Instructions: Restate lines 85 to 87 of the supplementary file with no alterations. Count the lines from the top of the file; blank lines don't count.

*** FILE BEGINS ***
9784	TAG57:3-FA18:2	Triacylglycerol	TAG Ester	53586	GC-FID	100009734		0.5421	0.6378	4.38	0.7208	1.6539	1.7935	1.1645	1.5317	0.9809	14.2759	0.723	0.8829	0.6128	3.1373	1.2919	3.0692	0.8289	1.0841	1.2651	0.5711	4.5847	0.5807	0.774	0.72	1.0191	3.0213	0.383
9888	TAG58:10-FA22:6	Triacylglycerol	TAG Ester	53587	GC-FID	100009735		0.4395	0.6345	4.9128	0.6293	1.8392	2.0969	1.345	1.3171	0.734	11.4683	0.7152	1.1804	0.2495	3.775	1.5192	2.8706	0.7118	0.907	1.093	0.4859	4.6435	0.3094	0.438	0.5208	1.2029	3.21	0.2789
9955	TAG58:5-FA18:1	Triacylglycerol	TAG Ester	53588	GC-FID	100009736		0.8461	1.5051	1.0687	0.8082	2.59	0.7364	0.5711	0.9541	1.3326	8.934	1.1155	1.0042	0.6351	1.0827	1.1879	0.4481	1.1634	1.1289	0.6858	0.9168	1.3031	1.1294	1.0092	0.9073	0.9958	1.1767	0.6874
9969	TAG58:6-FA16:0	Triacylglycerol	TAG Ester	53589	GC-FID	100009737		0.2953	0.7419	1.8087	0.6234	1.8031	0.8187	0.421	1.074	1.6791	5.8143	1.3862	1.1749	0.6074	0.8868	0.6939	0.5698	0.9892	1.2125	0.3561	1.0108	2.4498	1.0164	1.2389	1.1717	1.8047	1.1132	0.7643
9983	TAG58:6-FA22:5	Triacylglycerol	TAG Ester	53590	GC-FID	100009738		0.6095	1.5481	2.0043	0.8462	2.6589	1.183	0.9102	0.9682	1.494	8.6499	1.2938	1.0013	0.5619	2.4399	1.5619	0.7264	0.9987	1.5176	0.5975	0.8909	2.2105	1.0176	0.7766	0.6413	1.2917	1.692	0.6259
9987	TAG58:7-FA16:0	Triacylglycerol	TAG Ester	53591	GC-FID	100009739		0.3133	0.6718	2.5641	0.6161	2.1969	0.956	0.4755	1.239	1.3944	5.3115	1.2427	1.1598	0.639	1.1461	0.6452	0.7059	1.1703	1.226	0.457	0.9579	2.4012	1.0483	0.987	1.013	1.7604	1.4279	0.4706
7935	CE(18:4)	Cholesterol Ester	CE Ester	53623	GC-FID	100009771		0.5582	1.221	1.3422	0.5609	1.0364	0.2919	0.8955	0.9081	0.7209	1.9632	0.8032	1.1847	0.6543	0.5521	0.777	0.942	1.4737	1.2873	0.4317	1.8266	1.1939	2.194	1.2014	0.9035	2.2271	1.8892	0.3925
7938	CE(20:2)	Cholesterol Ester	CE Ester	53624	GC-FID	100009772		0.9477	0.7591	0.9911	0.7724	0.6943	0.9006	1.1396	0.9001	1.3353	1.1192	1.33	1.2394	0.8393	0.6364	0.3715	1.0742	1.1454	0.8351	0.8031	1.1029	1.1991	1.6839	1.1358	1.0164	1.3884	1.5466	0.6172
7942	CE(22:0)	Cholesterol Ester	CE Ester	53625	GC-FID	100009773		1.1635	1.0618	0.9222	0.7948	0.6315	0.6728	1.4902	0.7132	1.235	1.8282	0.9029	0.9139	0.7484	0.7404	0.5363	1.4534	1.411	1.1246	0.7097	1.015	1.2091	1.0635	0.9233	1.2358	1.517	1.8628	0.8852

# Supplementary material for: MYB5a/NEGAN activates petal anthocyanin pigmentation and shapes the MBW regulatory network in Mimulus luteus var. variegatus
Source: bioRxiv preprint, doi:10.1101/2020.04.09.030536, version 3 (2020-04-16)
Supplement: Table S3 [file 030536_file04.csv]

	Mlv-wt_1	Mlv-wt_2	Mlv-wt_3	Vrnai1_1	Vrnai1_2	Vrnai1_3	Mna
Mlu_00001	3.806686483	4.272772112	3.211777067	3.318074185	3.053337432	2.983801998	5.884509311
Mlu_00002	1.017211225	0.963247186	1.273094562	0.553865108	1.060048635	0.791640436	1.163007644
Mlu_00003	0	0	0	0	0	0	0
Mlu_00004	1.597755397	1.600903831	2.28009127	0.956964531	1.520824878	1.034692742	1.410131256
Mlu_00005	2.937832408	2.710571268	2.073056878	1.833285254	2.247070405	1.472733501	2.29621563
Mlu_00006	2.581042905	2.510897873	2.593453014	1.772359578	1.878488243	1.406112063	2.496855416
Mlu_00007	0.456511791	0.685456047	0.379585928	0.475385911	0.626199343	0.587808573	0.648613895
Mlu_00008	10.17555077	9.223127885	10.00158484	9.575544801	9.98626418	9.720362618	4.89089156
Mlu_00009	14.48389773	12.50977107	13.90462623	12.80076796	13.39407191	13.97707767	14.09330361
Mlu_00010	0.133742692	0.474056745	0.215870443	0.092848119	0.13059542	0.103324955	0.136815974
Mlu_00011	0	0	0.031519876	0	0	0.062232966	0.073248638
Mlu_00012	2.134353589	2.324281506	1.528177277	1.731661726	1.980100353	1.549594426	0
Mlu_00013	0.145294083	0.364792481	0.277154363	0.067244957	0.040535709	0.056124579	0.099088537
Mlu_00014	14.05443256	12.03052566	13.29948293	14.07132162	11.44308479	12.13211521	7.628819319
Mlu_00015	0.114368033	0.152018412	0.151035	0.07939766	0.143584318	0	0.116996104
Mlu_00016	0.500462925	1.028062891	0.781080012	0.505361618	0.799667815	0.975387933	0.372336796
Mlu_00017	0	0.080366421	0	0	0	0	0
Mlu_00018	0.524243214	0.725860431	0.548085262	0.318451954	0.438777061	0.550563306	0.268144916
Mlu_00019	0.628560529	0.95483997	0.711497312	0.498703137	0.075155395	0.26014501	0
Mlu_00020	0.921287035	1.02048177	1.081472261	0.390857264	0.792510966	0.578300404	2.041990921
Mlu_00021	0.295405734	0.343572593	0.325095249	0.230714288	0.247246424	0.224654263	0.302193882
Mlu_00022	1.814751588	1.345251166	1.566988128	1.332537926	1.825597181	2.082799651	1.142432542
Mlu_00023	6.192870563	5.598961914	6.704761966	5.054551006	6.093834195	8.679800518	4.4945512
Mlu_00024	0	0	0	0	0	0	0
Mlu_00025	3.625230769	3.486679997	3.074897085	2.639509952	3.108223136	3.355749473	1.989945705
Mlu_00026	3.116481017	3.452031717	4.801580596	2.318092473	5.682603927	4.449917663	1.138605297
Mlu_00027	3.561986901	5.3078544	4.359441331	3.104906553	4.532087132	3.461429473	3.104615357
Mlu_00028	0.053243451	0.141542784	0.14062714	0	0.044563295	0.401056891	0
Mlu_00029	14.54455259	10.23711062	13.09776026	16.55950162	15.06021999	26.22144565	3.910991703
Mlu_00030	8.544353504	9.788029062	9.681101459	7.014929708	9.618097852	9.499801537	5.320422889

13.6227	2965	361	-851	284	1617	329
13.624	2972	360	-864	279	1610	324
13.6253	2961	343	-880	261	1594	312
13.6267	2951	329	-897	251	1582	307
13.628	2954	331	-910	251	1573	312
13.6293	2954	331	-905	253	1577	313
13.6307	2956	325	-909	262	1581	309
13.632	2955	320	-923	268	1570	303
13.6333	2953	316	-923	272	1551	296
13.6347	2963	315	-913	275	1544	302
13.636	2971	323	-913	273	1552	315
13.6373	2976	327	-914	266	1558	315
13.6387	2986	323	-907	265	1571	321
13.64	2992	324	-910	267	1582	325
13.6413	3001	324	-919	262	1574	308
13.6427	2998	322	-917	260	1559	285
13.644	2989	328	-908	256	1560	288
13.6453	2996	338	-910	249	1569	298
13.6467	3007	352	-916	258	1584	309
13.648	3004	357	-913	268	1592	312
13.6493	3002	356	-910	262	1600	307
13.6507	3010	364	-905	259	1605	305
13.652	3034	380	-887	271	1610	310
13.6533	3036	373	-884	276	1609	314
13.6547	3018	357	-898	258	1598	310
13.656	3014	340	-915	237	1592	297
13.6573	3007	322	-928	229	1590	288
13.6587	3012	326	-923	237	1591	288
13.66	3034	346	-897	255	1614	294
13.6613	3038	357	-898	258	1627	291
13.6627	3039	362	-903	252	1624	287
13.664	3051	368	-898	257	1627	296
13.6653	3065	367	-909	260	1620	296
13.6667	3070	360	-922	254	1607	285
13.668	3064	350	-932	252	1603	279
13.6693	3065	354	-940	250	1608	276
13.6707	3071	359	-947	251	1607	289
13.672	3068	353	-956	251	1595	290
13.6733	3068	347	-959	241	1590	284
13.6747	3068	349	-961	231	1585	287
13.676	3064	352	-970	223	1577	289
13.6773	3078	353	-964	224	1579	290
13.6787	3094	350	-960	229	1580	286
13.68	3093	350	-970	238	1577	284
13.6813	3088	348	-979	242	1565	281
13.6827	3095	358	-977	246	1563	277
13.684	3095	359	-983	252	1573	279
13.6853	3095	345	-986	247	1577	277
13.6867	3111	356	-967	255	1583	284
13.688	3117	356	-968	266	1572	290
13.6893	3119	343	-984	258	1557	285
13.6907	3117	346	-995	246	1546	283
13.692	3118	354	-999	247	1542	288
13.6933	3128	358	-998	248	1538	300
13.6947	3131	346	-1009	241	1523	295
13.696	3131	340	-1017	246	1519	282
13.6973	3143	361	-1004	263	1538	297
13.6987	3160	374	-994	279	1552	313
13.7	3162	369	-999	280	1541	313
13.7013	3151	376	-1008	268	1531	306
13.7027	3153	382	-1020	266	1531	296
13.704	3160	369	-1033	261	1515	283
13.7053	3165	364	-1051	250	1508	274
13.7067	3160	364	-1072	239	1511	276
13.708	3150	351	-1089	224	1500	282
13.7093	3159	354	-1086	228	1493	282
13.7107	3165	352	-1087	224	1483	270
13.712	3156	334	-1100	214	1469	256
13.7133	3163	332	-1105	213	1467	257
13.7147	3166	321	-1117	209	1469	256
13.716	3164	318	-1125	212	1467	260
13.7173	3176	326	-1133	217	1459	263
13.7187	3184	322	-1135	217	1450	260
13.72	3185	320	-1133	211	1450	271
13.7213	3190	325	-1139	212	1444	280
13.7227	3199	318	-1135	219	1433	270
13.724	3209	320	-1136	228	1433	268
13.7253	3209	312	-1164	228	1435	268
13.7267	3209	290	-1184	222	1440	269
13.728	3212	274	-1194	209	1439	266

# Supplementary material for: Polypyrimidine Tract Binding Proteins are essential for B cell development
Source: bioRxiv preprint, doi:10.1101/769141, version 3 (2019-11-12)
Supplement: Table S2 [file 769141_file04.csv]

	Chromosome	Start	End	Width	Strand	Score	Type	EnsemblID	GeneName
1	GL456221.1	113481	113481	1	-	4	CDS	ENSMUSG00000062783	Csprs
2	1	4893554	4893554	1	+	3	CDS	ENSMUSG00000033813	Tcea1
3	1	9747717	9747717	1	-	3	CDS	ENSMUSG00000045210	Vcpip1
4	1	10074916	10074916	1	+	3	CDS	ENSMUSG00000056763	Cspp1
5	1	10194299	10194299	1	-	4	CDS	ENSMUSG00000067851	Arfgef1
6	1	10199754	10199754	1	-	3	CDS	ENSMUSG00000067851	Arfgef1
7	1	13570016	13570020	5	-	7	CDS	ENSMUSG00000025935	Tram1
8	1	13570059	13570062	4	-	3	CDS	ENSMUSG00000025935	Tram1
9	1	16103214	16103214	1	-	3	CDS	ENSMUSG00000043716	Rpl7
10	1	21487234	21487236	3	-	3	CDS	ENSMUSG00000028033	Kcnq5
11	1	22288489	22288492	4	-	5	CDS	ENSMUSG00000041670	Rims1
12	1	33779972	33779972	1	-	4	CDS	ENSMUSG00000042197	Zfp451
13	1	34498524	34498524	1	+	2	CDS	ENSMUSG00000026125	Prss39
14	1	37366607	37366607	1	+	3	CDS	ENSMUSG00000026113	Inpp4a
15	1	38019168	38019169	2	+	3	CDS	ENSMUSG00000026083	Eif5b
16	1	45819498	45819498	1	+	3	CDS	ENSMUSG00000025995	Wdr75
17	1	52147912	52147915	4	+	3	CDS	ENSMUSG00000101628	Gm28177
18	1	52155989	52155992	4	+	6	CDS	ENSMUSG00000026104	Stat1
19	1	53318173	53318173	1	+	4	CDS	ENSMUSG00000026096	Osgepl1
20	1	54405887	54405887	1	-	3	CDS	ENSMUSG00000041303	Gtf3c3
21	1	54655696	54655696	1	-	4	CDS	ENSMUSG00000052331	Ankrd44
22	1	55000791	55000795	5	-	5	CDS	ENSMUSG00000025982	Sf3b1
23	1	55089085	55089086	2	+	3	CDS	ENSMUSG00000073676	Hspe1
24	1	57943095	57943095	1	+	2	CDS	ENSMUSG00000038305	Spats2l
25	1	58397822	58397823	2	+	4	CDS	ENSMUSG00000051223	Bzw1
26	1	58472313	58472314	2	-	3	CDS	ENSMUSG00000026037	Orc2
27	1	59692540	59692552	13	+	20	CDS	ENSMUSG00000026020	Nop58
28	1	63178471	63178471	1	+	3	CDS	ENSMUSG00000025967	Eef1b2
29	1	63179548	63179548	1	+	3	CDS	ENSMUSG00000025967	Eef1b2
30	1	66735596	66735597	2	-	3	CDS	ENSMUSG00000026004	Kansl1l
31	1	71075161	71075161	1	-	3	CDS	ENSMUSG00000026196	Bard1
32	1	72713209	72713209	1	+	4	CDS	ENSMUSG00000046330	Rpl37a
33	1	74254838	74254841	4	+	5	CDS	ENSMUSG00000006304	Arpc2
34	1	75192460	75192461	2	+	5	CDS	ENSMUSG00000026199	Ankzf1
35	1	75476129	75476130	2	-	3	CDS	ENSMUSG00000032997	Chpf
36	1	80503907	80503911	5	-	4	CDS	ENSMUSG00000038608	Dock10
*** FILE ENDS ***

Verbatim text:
13.6773	3078	353	-964	224	1579	290
13.6787	3094	350	-960	229	1580	286
13.68	3093	350	-970	238	1577	284